A tendency within Abstract Expressionism, distinct from gestural abstraction, Color Field painting was developed by Barnett Newman, Mark Rothko, and Clyfford Still in the late 1940s, and developed further by Helen Frankenthaler and others. It is characterized by large fields of color and an absence of any figurative motifs, and often expresses a yearning for transcendence and the infinite.
ArtStory: Color Field Painting
Pop Art
Pop Art
Pop Art
British artists of the 1950s were the first to make popular culture the dominant subject of their art, and this idea became an international phenomenon in the 1960s. But the Pop art movement is most associated with New York, and artists such as Andy Warhol, who broke with the private concerns of the Abstract Expressionists, and turned to themes which touched on public life and mass society.
ArtStory: Pop Art
Dada
Dada
Dada
Dada was an artistic and literary movement that emerged in 1916. It arose in reaction to World War I, and the nationalism and rationalism that many thought had led to the War. Influenced by several avant-gardes - Cubism, Futurism, Constructivism, and Expressionism - its output was wildly diverse, ranging from performance art to poetry, photography, sculpture, painting and collage. Emerging first in Zurich, it spread to cities including Berlin, Hanover, Paris, New York and Cologne.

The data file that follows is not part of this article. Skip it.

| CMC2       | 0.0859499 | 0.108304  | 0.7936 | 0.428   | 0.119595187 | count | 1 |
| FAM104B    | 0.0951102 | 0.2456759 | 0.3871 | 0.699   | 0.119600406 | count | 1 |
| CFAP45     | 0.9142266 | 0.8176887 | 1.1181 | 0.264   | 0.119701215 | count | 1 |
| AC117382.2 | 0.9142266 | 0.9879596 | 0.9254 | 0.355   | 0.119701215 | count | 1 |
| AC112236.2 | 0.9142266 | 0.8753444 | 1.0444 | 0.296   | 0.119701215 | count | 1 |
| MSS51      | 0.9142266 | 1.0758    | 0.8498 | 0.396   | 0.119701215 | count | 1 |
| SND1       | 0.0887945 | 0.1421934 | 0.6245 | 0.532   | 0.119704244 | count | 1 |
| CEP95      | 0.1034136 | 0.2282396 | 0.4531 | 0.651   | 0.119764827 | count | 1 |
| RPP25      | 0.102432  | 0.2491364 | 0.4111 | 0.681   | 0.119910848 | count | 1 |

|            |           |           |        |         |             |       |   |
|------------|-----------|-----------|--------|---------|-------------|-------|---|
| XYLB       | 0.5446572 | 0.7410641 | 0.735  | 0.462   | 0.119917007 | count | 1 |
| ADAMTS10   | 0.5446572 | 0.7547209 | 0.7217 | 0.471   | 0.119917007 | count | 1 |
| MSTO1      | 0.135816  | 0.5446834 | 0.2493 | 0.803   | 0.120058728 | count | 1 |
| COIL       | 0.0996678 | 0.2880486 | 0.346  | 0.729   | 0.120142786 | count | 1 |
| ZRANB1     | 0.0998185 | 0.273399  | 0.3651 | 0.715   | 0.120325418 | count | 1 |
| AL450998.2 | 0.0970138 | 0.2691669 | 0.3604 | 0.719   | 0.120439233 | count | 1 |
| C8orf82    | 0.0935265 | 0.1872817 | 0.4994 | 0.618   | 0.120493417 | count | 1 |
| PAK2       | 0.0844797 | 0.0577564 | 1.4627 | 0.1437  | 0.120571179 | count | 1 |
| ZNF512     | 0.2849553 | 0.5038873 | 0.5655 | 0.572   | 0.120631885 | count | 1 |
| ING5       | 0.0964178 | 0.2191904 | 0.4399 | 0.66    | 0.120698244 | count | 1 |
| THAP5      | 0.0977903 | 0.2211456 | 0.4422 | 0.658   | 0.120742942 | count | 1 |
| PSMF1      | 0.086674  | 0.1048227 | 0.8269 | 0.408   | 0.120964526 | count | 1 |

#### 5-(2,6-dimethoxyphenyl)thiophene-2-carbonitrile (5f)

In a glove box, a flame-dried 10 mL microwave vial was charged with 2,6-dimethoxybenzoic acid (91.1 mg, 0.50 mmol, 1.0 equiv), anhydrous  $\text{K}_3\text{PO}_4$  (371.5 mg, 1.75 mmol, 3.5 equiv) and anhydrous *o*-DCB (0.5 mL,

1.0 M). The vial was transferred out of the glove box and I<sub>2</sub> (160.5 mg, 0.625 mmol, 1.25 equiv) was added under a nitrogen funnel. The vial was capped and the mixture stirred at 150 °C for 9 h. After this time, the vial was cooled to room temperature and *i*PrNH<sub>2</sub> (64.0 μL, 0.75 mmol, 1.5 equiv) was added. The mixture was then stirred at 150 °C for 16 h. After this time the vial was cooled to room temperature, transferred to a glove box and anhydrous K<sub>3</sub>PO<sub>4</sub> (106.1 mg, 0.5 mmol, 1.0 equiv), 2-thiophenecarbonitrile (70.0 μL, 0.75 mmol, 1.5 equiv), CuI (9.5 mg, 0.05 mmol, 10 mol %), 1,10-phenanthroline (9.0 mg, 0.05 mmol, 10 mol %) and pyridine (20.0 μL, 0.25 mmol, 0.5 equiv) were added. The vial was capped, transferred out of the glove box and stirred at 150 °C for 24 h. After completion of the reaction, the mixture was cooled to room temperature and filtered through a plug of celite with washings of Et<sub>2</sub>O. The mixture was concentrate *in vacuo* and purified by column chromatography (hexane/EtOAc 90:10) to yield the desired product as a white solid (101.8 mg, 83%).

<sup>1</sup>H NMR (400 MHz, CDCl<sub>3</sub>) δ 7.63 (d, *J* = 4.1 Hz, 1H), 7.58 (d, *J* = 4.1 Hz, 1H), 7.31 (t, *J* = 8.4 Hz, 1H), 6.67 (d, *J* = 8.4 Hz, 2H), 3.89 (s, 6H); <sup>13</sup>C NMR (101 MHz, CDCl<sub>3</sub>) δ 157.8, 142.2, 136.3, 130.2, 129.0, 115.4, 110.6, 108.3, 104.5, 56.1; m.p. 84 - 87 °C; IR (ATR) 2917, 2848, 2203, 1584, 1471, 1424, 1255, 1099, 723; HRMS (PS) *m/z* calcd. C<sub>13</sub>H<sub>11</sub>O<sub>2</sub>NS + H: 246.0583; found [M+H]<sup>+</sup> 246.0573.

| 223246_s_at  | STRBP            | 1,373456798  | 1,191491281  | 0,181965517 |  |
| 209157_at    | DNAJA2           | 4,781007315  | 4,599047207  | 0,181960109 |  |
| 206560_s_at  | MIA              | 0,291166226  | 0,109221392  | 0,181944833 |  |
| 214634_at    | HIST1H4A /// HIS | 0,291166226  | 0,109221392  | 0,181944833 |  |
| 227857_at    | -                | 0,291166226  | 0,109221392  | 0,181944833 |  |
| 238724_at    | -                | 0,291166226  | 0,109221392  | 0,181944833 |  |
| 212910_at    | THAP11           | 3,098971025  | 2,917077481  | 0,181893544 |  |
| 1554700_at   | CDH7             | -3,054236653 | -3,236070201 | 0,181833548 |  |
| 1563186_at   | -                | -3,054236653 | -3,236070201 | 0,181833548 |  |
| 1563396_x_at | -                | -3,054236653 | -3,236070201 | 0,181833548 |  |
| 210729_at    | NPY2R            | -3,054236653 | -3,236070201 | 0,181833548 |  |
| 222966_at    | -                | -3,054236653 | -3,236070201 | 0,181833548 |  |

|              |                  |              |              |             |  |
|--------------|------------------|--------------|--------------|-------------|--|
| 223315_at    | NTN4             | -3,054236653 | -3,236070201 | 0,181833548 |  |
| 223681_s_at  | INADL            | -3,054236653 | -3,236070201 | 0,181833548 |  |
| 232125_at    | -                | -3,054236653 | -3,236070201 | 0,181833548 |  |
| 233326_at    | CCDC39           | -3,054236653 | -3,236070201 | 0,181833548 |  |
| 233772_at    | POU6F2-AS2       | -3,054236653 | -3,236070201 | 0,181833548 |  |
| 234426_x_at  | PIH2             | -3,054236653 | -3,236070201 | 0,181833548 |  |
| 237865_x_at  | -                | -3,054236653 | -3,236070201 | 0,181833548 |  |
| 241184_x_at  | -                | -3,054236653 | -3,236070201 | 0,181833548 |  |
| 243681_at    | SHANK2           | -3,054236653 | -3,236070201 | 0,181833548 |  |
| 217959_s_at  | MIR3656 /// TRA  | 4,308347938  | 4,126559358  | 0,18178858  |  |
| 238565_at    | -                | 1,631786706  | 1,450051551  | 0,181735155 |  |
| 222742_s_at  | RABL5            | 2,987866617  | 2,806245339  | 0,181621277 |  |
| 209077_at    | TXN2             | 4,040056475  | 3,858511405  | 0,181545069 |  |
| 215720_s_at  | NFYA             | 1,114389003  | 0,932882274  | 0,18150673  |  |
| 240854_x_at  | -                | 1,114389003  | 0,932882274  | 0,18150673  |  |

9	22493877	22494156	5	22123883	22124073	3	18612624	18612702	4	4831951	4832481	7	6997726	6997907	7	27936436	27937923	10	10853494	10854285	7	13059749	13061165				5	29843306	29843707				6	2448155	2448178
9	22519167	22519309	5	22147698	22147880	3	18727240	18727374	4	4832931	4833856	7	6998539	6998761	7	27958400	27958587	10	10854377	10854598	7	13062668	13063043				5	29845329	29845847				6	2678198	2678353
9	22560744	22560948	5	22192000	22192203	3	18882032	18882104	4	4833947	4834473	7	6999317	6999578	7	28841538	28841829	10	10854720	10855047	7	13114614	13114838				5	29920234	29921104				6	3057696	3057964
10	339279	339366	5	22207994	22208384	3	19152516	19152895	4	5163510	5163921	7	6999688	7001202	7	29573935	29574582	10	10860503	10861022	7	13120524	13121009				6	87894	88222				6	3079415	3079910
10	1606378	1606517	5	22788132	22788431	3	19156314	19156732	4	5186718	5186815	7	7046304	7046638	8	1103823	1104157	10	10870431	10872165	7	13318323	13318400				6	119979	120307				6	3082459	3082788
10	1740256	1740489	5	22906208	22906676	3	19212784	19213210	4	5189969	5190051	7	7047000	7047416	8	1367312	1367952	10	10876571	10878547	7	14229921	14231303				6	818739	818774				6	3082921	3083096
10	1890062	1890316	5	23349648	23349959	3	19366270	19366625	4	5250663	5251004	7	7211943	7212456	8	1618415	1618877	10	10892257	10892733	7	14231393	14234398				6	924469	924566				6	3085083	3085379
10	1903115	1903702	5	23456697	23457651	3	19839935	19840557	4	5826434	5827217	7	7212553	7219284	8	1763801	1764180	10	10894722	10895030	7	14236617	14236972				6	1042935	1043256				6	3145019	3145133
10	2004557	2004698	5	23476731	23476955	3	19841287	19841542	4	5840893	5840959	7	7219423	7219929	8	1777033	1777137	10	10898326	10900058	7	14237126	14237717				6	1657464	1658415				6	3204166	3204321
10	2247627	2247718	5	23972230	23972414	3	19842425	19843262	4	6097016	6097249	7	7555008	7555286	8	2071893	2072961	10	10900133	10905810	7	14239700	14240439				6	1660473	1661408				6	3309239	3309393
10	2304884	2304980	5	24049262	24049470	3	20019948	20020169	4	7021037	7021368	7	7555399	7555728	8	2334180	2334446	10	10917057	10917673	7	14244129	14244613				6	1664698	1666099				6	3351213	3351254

ArtStory: Dada
Henri Matisse
Henri Matisse
Henri Matisse
Henri Matisse was a French painter and sculptor who helped forge modern art. From his early Fauvist works to his late cutouts, he emphasized expansive fields of color, the expressive potential of gesture, and the sensuality inherent in art-making.
ArtStory: Henri Matisse
Abstract Expressionism
Abstract Expressionism
Abstract Expressionism
A tendency among New York painters of the late 1940s and '50s, all of whom were committed to an expressive art of profound emotion and universal themes. The movement embraced the gestural abstraction of Willem de Kooning and Jackson Pollock, and the color field painting of Mark Rothko and others. It blended elements of Surrealism and abstract art in an effort to create a new style fitted to the postwar mood of anxiety and trauma.